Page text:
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EJECTA (October 29th)


Back in the day – and what I mean by that is a couple of years ago – I used to have a LoveFilm subscription. Before streaming started to up its game, they were a pretty useful way of watching new releases and older titles that you wanted to watch, but didn't want to commit to buying them on DVD. When they folded I instantly switched to Cinema Paradiso, even though at that point I had both Netflix. Prime and a Cinema pass. I think it's partly because my folks used to own a video rental store and there's some sense of nostalgia in having physical DVDs to watch. I mean, outfits like LoveFilm are what proved to be the final nail in the coffin for my parent's video shop (and all video shops come to that) but they still somehow feel a part of the world of physical media that is fast becoming lost. Anyway, two DVDs got popped through my letterbox the other day from Cinema Paradiso. One of them was Under The Silver Lake, the sophomore feature from IT Follows Director David Robert Mitchell. However it's not strictly horror and at 140 minutes long, it's more of a Sunday afternoon jobby. So I watched the other film that they sent, which was Canadian sci-fi horror Ejecta (Boy, I've unwittingly seen a few Canadian horrors during this challenge)

Amateur film-maker Joe Sullivan gets an email one night from a guy named William Cassidy, a man infamous for claiming he was abducted by aliens many years ago. Cassidy has been a recluse for a long time so Sullivan is doubly excited when the email lists Cassidy's home address. Joe heads up there, hoping to get an exclusive interview but is confused when Cassidy claims to have never contacted him or even heard of him. Regardless, he agrees to talk to Joe and tells him that the upcoming solar flare and resulting coronal mass ejection will mess up all electronic devices on earth. We then flash forward in time to late that night where Cassidy has been taken into custody by a group of soldiers and is then interrogated by a rather sadistic scientist type called Dr Tobin. Her efforts to extract information out of a terrified Cassidy are paused however when the soldiers on site discover Sullivan's (who has gone missing) footage. Tobin reviews the footage and as she does, she soon realises that they all might be in imminent danger...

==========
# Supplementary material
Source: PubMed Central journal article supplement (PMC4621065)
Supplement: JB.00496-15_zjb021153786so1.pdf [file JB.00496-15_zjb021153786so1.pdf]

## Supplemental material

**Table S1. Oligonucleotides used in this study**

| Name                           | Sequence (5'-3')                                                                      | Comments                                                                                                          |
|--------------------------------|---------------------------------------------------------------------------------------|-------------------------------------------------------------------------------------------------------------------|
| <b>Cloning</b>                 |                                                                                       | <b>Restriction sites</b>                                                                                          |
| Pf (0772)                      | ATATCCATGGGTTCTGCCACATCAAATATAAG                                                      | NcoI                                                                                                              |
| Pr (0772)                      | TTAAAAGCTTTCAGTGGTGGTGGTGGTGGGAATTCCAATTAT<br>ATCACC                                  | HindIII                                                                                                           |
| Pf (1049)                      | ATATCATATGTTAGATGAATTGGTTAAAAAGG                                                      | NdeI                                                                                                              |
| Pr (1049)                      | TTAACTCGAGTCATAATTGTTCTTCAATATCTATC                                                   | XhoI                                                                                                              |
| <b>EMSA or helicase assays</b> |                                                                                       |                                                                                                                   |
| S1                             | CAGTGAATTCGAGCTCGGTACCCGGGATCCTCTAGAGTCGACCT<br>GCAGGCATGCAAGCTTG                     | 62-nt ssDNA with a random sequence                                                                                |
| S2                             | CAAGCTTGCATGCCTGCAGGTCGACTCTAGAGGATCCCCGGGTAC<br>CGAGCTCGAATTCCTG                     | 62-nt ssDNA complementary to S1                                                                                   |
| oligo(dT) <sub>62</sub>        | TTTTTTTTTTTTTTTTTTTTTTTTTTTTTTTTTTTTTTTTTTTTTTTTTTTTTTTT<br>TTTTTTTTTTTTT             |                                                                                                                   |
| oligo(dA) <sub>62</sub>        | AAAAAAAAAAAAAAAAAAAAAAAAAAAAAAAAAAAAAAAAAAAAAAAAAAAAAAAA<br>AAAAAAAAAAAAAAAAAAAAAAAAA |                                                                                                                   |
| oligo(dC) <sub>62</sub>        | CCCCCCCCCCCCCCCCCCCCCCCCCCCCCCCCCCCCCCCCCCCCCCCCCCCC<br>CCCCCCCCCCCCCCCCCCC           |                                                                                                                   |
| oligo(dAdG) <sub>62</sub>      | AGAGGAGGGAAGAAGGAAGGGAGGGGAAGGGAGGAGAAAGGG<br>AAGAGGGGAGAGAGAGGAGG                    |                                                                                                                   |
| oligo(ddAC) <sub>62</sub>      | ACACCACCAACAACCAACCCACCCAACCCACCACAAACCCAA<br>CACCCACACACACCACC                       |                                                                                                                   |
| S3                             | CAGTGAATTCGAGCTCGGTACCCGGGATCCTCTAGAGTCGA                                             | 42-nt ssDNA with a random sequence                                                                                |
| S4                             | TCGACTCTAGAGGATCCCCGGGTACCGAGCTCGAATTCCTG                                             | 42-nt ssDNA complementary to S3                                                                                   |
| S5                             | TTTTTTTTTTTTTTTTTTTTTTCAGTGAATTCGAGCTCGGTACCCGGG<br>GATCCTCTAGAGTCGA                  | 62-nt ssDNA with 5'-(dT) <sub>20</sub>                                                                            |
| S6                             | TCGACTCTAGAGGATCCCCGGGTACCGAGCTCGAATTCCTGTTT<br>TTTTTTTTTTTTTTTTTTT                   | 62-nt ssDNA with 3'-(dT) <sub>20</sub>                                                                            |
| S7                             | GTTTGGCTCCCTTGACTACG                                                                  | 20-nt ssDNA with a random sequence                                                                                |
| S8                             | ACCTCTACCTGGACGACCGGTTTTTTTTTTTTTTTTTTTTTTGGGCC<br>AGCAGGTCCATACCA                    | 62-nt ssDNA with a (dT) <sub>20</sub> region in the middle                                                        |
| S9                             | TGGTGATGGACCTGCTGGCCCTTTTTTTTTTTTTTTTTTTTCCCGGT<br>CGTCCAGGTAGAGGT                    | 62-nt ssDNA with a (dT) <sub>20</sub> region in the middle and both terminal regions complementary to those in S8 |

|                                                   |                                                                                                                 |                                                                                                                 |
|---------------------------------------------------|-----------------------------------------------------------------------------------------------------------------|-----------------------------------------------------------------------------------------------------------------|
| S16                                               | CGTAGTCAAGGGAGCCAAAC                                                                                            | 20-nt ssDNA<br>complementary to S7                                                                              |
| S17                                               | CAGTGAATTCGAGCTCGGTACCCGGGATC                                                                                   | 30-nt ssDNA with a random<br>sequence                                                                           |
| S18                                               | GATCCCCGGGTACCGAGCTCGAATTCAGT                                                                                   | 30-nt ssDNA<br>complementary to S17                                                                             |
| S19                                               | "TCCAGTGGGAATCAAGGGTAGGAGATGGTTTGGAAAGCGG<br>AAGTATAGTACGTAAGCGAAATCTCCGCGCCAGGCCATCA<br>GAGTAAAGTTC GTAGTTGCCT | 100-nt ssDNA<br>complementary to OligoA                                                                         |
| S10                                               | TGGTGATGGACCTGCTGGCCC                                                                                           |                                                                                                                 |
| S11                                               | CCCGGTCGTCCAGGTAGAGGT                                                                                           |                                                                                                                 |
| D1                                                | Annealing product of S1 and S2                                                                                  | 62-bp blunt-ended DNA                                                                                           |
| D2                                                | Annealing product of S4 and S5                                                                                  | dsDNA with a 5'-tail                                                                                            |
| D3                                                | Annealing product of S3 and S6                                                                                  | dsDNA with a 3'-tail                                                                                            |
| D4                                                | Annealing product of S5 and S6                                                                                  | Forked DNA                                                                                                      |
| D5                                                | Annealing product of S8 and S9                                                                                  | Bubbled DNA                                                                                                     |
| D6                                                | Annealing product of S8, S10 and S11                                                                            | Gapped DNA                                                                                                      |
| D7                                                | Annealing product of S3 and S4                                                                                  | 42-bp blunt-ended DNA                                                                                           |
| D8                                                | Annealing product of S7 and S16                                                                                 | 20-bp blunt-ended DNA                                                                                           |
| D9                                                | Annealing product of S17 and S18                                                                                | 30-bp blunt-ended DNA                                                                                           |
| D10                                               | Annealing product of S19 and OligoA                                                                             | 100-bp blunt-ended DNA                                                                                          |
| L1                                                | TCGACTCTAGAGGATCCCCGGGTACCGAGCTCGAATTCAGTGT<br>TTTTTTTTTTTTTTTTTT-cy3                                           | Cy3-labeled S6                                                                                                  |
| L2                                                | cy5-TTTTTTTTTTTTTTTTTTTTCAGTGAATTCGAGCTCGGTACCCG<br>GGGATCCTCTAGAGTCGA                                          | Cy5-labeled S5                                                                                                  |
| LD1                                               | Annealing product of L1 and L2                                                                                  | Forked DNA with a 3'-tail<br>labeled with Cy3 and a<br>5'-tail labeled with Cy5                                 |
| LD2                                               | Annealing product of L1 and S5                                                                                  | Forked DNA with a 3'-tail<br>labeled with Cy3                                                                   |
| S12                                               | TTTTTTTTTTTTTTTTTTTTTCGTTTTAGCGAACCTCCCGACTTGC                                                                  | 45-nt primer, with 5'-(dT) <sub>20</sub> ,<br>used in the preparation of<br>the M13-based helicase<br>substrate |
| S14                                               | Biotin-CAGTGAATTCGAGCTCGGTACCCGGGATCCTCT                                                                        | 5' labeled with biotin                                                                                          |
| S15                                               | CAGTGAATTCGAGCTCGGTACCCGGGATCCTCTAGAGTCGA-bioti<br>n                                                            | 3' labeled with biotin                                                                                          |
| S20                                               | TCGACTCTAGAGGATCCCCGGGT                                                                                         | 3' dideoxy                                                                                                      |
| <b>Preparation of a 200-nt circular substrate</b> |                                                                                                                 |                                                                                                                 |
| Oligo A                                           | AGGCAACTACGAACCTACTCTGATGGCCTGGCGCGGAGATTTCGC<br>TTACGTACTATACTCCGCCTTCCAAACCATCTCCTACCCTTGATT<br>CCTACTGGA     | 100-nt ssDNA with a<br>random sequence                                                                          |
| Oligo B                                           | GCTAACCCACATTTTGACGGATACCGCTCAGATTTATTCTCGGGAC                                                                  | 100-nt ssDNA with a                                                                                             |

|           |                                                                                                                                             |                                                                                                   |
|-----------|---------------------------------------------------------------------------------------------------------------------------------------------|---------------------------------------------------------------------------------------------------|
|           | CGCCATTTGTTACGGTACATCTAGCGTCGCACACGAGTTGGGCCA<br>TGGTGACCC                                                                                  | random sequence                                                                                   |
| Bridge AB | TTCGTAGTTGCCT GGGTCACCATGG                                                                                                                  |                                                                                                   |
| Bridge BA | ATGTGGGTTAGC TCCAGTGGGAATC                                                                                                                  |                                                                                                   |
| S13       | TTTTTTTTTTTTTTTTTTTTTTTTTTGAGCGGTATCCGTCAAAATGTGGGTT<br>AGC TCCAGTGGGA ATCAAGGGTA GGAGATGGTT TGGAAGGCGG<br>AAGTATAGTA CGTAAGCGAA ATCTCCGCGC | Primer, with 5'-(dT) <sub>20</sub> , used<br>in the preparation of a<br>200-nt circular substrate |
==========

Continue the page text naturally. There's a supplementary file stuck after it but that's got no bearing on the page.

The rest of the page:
Whenever I am choosing what film to watch on streaming platforms, I will invariably take a look at the general audience consensus before making a final call. I am willing to take a punt on a film that's got very mixed reviews but if a film is generally derided I am usually pretty hesitant. If I had stumbled across Ejecta on Netflix and looked some up, there's a good chance I wouldn't have watched it. Which would have been a bit of a blessing in retrospect.

It's one of the most frustrating films I have seen in a little while, partly because there are flashes of a good movie in there in places. Director Chad Archibald's other films include Antisocial and The Drownsman, which are both ok but this feels like a big misstep. Tony Burgess, who wrote Pontypool (a film I think a lot of) penned the script for this too which makes it all even more disappointing. The narrative is pretty much split into three separate timelines and it all feels rather unnecessary and only acts to diffuse some of the tension that is occasionally built in the found footage segments. These provide by far the best moments of the film (who said found footage was dead?) and give us a couple of really effective jump moments. However, it's guilty of doing something that really just irks me whenever I encounter not just because it's really annoying but because it's so bloody avoidable as well. It's the hallmark of a bad movie and of film-makers who perhaps don't feel secure enough to let the actors and the script do their own thing. And that's the god damn score. Firstly, it's a bit odd to have a score in what is partly a found footage/documentary film and especially weird when there is even soundtrack during the found footage scenes. But it's the 'present day' segment, which makes up about half of the movie where the problems really lay. I feel sorry for Julian Richings (Cassidy) and Lisa Houle (Tobin) because basically all of their exchanges are drowned out by a sub standard SyFy quality track that feels the need to remind us that what we are watching is a tense science fiction movie. It ruins the mood and it just feels amateur. Sound design and score are one of those things that if done well, you quite often don't notice it. It's taken for granted but it's a really important part of film-making. When it isn't done right however, it sticks out like a sore thumb and just becomes distracting. So distracting that after about fifteen minutes, I had already established that it was going to do it all the way through the film and mentally checked out a bit.

In terms of plot, it doesn't offer up anything new or interesting either and the finale is suitably underwhelming. But I didn't really care at that point, I just wanted the ordeal to be over. I'm glad I didn't end the challenge with this film and might make a point of watching an old favourite tomorrow to ejecta it from my system. See what I did there?!


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